New figures show high dropout rate for high-schoolers
Washington Post
May 11, 2007

 Daniel de Vise

WASHINGTON - First lady Laura Bush and national education leaders have unveiled an online database that promises to provide parents across much of the nation the first accurate appraisal of how many students graduate from high school on time in each school system.

The statistics paint a dire portrait: Seventy percent of students nationwide earned diplomas in four years as of 2003, the latest data available nationally, a much lower rate than that reported by the vast majority of school systems.

Education Secretary Margaret Spellings said the data show that half of the nation's dropouts come from a small group of largely urban "dropout factories," high schools "where graduation is a 50-50 shot or worse." She scolded state and local education officials for masking the problem by publishing inflated graduation rates based on bad math.

"We are finally moving from a state of denial to a state of acknowledgment,"
she said, speaking in Washington at a summit titled "America's Silent Epidemic" on Wednesday. "It's hard to believe such a pervasive problem has remained in the shadows for so long."

Method criticized
Most states continue to report graduation rates by a method that, while accepted by the federal government, has been rejected by much of the academic community and was roundly criticized this week by federal officials. They estimate the graduation rate based on the number of students known to have dropped out. The problem is, few public high schools track students who drop out.

"In some states," Spellings said, "a student is counted as a dropout only if he registers as a dropout. That's unlikely."

The publication of the new national database, compiled by the trade journal Education Week, signals a sweeping change in how graduates are counted. The site tabulates graduation data for school systems based on simple attrition, tracking the dwindling size of a high school class from the fall of freshman year to graduation day.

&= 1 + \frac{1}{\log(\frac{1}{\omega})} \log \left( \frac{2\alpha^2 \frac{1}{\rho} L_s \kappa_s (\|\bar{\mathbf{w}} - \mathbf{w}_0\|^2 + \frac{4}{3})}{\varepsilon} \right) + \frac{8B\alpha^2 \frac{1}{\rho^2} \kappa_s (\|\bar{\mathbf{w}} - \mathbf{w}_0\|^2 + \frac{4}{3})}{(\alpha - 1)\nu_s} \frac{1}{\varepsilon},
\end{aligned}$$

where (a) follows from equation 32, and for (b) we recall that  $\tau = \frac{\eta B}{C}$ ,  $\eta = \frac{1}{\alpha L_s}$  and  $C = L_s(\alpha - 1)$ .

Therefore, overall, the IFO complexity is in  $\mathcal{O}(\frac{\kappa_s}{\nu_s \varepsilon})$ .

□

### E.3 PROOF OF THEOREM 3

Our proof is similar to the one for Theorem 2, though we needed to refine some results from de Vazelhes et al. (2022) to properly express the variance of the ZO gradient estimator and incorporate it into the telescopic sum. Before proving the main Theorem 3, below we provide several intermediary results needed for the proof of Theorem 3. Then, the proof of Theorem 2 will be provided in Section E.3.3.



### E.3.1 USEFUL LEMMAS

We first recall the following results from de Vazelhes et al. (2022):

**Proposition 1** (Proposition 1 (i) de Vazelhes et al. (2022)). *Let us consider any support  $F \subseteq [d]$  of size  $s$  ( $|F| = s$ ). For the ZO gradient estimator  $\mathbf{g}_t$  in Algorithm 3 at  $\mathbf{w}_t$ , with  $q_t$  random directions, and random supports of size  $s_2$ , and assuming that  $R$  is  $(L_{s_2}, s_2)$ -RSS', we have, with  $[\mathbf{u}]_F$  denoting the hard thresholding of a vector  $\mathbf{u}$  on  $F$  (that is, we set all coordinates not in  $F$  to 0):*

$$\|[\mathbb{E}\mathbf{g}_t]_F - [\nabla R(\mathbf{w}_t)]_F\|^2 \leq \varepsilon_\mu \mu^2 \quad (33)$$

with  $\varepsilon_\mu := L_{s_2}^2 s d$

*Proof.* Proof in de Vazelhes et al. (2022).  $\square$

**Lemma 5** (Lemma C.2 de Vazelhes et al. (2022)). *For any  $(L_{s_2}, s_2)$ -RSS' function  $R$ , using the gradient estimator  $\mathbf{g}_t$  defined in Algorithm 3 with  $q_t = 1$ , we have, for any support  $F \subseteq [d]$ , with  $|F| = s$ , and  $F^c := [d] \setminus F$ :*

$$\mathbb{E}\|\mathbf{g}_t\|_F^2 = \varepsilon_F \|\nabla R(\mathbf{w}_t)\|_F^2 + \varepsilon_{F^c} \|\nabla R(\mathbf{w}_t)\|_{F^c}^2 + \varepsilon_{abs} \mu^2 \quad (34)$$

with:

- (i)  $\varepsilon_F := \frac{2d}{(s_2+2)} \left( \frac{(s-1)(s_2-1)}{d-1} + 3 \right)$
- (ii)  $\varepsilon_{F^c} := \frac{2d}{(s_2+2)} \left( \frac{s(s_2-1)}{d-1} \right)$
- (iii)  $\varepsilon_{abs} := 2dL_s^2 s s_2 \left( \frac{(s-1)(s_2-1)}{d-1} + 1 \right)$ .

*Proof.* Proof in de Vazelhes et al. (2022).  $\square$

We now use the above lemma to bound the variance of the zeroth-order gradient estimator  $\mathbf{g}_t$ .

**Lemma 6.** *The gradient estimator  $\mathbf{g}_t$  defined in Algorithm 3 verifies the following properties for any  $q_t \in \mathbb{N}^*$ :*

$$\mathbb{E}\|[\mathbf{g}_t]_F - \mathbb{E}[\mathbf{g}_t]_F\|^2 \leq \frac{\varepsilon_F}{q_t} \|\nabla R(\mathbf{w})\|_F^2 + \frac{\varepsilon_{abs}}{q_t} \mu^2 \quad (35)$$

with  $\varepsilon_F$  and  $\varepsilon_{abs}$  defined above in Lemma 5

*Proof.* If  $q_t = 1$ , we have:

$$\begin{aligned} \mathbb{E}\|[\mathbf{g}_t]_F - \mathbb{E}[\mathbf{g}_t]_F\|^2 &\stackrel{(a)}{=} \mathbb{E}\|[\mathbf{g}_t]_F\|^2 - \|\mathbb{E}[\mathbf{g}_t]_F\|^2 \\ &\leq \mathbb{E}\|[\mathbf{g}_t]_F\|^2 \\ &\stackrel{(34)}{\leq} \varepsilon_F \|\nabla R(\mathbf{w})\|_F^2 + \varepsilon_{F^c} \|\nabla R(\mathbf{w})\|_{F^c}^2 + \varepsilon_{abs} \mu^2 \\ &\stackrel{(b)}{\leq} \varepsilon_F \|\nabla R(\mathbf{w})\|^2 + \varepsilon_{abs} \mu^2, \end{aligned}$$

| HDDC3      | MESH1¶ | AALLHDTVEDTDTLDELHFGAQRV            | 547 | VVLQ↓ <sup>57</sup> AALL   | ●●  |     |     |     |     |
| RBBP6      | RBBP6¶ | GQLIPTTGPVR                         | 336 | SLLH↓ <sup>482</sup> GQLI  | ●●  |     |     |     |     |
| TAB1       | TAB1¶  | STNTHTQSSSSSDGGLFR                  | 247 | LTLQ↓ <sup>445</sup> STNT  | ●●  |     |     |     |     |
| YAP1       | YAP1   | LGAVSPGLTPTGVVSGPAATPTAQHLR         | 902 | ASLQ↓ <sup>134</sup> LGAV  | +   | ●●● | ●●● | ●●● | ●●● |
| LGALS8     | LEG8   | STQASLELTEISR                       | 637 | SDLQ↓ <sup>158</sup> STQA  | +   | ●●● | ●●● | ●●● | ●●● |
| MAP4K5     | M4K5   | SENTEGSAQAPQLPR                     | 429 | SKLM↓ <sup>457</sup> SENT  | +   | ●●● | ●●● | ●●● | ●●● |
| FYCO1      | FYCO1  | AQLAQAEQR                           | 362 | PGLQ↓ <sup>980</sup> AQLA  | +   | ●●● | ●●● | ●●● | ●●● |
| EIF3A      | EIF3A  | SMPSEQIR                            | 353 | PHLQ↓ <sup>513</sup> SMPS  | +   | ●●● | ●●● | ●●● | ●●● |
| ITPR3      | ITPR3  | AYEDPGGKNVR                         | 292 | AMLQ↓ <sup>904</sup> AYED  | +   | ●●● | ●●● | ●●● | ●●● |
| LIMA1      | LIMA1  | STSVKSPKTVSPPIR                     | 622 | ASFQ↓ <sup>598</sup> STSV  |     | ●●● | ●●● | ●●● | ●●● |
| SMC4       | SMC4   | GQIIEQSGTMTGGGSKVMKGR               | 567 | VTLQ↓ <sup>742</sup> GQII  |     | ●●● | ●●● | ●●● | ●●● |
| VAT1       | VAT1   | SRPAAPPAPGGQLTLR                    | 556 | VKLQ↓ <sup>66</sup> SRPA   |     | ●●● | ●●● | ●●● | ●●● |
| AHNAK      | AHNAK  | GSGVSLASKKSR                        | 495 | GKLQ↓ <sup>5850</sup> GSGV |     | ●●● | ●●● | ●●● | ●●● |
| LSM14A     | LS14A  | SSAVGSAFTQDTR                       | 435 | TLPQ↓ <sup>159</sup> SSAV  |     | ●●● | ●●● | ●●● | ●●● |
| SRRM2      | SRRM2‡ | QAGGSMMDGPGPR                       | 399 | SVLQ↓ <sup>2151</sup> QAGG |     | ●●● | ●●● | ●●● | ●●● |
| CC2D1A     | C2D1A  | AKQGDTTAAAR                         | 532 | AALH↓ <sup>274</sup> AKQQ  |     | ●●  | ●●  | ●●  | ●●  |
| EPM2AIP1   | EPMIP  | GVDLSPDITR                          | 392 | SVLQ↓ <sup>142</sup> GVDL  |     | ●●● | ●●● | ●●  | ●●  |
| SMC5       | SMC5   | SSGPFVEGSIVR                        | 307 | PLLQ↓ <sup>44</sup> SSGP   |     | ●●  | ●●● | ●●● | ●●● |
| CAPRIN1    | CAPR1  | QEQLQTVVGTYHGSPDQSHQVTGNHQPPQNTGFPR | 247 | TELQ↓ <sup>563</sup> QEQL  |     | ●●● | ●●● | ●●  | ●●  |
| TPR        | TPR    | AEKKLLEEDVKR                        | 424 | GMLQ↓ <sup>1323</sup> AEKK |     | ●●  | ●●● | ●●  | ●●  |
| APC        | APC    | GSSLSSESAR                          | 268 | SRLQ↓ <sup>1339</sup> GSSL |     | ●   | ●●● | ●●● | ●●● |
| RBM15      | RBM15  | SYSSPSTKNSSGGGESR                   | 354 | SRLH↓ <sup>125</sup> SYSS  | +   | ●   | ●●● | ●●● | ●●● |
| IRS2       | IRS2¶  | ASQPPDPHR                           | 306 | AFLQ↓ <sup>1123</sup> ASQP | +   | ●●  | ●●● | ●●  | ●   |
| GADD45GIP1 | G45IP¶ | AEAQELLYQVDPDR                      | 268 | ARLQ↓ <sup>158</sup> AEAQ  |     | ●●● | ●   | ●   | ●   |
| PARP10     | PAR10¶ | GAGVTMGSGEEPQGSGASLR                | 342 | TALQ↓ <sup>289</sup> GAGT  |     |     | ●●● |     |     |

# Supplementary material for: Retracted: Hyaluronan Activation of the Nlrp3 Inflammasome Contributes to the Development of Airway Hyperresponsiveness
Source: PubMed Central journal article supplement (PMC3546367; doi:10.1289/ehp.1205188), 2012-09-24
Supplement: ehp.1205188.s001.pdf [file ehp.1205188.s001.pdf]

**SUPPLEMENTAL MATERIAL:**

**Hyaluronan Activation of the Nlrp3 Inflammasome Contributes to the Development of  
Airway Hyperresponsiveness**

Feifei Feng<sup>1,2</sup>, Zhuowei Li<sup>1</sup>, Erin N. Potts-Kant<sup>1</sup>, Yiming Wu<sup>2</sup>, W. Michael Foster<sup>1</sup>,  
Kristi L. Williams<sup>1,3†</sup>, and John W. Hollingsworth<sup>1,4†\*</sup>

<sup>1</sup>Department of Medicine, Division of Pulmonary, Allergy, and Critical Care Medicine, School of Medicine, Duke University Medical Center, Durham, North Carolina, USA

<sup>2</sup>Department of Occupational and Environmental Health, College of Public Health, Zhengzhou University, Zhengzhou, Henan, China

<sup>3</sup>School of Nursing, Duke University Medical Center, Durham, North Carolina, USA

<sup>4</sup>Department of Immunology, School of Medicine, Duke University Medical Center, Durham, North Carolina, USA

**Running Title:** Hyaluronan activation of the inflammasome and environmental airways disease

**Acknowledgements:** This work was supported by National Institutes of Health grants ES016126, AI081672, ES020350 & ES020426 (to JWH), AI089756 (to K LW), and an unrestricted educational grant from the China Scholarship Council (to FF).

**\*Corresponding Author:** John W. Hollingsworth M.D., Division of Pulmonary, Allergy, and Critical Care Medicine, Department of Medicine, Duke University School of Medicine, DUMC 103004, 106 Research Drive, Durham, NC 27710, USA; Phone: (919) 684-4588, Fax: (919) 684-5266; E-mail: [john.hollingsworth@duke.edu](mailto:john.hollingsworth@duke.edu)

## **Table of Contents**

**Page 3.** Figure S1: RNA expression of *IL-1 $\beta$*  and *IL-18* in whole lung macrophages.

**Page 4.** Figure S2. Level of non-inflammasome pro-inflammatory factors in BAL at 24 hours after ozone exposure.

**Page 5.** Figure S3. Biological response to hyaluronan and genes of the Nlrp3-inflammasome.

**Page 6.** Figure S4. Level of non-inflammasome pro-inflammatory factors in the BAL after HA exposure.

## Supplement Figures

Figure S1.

The summit marks a growing national sense that high schools are facing a dropout crisis. The extent of the problem - only two students in three graduate with their class - has been clear for years within the education community but not among members of the general public, who, according to surveys, believe that nearly 90 percent of students graduate from high school.

Speakers stressed that dropout rates are particularly high among Black and Hispanic students, especially males.

New calculation
All 50 governors have embraced the new method, a slight variation on the
formula employed by Education Week, for calculating graduation rates.
Parents will probably see a precipitous drop in graduation rates reported by
many high schools.

"I think you have to be honest with the people," said Mike Easley,
Democratic governor of North Carolina, who participated in a panel
discussion this week with two other governors.

Spellings also announced that graduation rates will be incorporated into the
federal No Child Left Behind law by 2012 as a measure of adequate yearly
progress for every high school, along with test scores and other factors.

Schools will have to meet federal targets for Black and Hispanic students
and other statistical subgroups, as well, a requirement likely to stir
considerable anxiety in low-performing school systems.

Jynell Harrison, a 19-year-old graduate of Central High School in
Providence, R.I., who is Black, lamented her school district's 54 percent
graduation rate and said, "I almost got lost, too."